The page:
BMRA: “Government must introduce kerbside collections for lithium-ion batteries”
22 November 2022
THE GOVERNMENT needs to introduce dedicated kerbside collections for unwanted lithium-ion batteries and waste electrical equipment before someone is seriously injured or even killed, asserts the British Metals Recycling Association (BMRA).
The BMRA suggests the Government should instruct local councils to carry out kerbside collections where people could also discard single-use vapes. The change is needed, asserts the BMRA, because the waste and recycling sector is witnessing an ever-increasing number of fires caused by such items.
This warning comes just days after the Mayor of London, Sadiq Khan, outlined his concerns at surging cases being dealt with by firefighters in the capital. In many instances, the fire crews involved found the blazes could be linked to batteries being used in e-scooters.
Out of the equation
Antonia Grey, head of policy and public affairs at the BMRA, observed: “Householders need to be taken out of the equation as far as possible when it comes to the disposal of single-use vapes and waste electrical and electronic equipment. The Government needs to introduce kerbside collections and must do so before someone is seriously injured or even killed.”
Grey continued: “The waste and recycling sector is seeing an ever-increasing number of fires caused by waste electrical and electronic equipment, including single-use vapes, after they've been put in either the recycling bin or the residual black bin. If damaged when being processed, a lithium-ion battery can explode and cause a fire or even lead to electrocution.”
A recent study carried out by Materials Focus found that more than 600 fires in bin lorries and recycling centres have been caused by batteries, often those hidden inside waste electrical and electronic equipment.
Separately, the Environmental Services Association has found lithium-ion batteries are responsible for circa 200 (ie 48%) of all waste fires occurring in the UK each year, which is costing around £158 million per annum.
Antonia Grey went on to state: “There is currently little understanding among the general public as to the dangers posed by incorrectly disposing of lithium-ion batteries and waste electrical and electronic equipment containing batteries, or indeed how they should be recycled. The problem is made worse still by the lack of information about recycling these items and the need for the householder to take lithium-ion batteries and waste electrical and electronic equipment containing batteries to a recycling point rather than have it collected by local authorities.”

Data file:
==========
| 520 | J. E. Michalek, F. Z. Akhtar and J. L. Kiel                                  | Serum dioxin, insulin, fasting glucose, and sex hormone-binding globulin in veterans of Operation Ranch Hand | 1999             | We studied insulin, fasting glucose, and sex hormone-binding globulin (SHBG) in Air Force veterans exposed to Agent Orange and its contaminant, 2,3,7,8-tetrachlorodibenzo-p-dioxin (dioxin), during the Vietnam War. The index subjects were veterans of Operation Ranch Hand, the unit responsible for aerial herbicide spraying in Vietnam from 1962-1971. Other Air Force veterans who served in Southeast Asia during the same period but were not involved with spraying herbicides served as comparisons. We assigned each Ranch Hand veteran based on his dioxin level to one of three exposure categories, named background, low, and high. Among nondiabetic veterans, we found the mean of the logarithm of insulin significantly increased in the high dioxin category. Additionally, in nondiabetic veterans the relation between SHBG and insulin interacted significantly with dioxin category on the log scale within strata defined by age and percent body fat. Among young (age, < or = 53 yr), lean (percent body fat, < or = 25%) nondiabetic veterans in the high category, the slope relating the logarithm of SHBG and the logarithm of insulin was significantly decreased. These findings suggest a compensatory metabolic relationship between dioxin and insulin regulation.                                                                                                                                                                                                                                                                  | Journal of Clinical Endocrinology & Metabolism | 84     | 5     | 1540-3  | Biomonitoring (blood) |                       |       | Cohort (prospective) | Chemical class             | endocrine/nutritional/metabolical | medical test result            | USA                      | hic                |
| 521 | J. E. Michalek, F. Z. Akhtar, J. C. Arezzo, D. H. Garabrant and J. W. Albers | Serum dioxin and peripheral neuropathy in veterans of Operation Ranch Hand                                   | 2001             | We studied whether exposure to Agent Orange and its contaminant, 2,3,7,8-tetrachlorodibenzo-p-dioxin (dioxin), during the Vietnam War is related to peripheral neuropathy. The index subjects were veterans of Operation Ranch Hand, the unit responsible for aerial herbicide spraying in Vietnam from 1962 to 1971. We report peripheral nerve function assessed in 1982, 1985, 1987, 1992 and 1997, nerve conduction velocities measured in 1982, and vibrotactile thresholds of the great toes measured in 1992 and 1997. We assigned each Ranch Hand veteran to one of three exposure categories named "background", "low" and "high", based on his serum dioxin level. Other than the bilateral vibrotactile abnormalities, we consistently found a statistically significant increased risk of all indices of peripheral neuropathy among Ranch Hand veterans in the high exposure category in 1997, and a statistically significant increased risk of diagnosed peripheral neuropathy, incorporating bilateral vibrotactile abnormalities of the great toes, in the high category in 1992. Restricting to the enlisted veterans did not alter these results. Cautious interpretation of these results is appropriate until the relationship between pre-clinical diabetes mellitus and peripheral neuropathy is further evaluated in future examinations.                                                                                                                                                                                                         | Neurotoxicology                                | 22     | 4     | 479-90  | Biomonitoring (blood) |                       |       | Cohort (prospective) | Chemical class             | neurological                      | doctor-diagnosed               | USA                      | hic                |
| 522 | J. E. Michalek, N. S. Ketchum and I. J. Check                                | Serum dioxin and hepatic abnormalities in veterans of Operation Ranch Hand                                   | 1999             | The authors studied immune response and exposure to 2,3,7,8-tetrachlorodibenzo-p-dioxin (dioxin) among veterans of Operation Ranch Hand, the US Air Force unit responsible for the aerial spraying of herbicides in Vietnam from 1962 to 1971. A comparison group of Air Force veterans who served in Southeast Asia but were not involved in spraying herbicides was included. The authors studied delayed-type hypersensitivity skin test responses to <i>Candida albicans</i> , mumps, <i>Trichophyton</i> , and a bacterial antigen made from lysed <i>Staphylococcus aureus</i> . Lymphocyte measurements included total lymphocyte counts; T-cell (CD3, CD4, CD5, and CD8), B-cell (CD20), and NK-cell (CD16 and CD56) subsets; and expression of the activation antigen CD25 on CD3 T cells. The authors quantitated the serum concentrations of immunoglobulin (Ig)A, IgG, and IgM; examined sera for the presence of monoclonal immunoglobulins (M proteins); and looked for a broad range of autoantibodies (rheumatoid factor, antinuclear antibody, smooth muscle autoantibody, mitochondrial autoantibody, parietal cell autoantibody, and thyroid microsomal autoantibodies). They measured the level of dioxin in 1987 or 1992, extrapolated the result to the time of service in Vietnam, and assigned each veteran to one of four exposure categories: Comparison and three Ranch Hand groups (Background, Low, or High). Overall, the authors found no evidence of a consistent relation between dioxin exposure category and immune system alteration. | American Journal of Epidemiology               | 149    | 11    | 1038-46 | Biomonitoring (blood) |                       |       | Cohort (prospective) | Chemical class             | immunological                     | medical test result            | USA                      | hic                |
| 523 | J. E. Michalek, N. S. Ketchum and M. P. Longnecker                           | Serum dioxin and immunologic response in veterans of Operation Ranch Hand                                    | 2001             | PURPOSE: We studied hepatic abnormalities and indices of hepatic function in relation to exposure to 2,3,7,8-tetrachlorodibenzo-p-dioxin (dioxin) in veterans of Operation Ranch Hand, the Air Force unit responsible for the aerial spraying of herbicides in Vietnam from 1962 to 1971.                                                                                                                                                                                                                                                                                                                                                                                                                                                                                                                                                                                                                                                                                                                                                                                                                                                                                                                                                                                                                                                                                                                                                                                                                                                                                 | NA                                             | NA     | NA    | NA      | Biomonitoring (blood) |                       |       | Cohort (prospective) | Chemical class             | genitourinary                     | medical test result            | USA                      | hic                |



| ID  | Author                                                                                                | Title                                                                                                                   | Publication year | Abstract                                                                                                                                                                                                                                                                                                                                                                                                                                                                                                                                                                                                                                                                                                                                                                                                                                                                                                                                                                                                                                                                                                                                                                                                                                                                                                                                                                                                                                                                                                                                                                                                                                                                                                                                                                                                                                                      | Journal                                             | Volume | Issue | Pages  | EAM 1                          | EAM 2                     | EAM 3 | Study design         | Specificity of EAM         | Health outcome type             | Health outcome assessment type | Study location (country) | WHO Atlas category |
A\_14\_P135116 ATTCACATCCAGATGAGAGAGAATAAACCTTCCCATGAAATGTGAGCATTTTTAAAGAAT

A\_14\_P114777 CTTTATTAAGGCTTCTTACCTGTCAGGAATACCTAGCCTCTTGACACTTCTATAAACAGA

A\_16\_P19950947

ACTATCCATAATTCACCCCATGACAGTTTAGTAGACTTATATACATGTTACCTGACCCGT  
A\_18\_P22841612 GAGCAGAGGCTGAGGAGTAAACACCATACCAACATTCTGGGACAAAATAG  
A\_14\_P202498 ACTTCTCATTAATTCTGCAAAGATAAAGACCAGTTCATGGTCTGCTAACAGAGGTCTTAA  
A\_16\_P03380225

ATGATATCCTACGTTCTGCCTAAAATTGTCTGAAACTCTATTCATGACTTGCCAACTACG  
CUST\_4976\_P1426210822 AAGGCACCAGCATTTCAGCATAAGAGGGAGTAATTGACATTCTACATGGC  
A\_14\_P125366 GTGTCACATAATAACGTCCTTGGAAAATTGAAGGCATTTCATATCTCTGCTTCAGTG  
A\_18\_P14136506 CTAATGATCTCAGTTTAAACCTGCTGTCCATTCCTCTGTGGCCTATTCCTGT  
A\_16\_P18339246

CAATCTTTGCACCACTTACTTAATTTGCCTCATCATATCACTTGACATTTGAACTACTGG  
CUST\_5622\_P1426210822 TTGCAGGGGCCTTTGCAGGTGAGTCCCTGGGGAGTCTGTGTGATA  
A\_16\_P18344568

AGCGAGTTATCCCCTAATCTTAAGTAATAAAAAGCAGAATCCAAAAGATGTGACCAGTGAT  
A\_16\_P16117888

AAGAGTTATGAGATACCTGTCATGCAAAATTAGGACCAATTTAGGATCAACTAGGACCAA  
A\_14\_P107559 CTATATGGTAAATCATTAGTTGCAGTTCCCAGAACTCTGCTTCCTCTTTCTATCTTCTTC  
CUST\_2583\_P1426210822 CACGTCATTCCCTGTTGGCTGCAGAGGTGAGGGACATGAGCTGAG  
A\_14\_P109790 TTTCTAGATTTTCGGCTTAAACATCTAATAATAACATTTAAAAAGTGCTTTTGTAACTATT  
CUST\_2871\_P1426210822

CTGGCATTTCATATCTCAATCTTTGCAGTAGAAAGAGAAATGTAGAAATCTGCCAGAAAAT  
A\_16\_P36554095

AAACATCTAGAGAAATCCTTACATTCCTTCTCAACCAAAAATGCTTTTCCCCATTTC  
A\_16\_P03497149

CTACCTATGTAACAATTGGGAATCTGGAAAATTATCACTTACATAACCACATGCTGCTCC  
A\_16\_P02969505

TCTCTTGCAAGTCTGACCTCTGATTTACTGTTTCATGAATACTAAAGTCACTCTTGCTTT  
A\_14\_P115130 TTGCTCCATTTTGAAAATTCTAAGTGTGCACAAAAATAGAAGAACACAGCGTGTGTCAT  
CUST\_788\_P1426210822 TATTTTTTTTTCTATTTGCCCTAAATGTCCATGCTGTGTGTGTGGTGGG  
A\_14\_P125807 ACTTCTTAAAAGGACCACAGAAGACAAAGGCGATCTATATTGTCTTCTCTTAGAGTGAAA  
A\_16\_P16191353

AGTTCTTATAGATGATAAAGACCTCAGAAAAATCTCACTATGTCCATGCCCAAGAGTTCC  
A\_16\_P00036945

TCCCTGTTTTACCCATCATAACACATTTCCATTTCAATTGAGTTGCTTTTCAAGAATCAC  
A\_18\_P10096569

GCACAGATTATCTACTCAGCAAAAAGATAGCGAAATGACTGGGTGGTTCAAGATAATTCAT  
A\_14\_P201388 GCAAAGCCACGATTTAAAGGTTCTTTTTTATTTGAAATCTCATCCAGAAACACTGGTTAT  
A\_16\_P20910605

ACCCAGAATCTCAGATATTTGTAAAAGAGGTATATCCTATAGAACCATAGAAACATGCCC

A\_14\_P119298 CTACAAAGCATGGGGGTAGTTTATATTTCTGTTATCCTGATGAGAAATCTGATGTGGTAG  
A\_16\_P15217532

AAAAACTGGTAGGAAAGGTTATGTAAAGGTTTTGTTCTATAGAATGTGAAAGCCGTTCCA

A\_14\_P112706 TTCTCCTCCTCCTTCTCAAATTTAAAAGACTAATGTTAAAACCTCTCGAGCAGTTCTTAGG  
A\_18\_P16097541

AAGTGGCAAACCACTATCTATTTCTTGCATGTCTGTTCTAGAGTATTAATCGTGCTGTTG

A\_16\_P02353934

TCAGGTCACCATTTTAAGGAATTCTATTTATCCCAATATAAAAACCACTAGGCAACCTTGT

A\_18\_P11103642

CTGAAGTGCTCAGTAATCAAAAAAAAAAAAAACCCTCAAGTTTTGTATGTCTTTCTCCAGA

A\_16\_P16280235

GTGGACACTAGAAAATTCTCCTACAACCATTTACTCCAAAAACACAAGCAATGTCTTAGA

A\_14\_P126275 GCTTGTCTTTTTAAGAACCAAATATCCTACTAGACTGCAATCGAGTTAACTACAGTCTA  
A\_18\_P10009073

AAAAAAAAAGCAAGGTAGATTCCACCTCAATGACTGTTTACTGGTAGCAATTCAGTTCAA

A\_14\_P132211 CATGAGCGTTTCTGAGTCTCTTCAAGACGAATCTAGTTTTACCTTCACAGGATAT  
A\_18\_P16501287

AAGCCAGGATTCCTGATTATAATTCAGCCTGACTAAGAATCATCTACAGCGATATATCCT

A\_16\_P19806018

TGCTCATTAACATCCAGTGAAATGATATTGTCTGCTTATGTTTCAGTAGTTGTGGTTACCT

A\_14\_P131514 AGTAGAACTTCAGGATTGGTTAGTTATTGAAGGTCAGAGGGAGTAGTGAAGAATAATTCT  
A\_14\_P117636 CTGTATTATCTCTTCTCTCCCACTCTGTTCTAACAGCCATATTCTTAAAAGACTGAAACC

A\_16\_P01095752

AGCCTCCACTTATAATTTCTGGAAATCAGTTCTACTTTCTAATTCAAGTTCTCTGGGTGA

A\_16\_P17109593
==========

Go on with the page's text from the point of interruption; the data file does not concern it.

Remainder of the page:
Earlier this month, Sadiq Khan voiced “serious safety concerns” about lithium-ion batteries used in privately owned e-scooters and touched on the subject of online conversion kits. Khan’s warning came after the London Fire Brigade reported that there had been 130 fires this year involving such batteries, 65 of them having been used for e-bikes, 24 for e-scooters and the remainder involving those in e-cigarettes.
Back in June, a faulty battery caused a blaze to break out on the twelfth floor of a tower block in Shepherd's Bush and 60 firefighters were required to bring the blaze under control. In July, five people were hospitalised after a house fire in Walthamstow. Firefighters said the cause was the failure of lithium-ion batteries for a converted e-bike.
During the following month, four people were taken to hospital after a fire in a flat in Bow. Two jumped from a first floor window after an e-bike being charged in a hallway burst into flames.
Also in August, trains into London Bridge Station had to be halted when a blaze in a railway arch being used to store a dozen battery-powered pedicabs went up in smoke.
The Mayor of London said: “It’s important that Londoners understand which vehicles are safe and which might not be. As e-bikes and e-scooters have become more common, the London Fire Brigade has seen an increase in the number of incidents they’re attending involving lithium-ion batteries. Conversion kits, which allow people to convert a normal bike to an e-bike, are the cause of many of the fires.”
On that last point, Khan said such items had usually been bought from online marketplaces and may not meet the correct safety standards.
“Sadiq Khan is right to be concerned about fire risks posed by lithium-ion batteries,” concluded Antonia Grey. “However, it’s not just about those batteries found in conversion kits for bikes. All lithium-ion batteries pose a risk, never more so than when they are disposed of incorrectly. That’s why we also believe there needs to be a national communications campaign about the dangers of these batteries in terms of the fire risk.”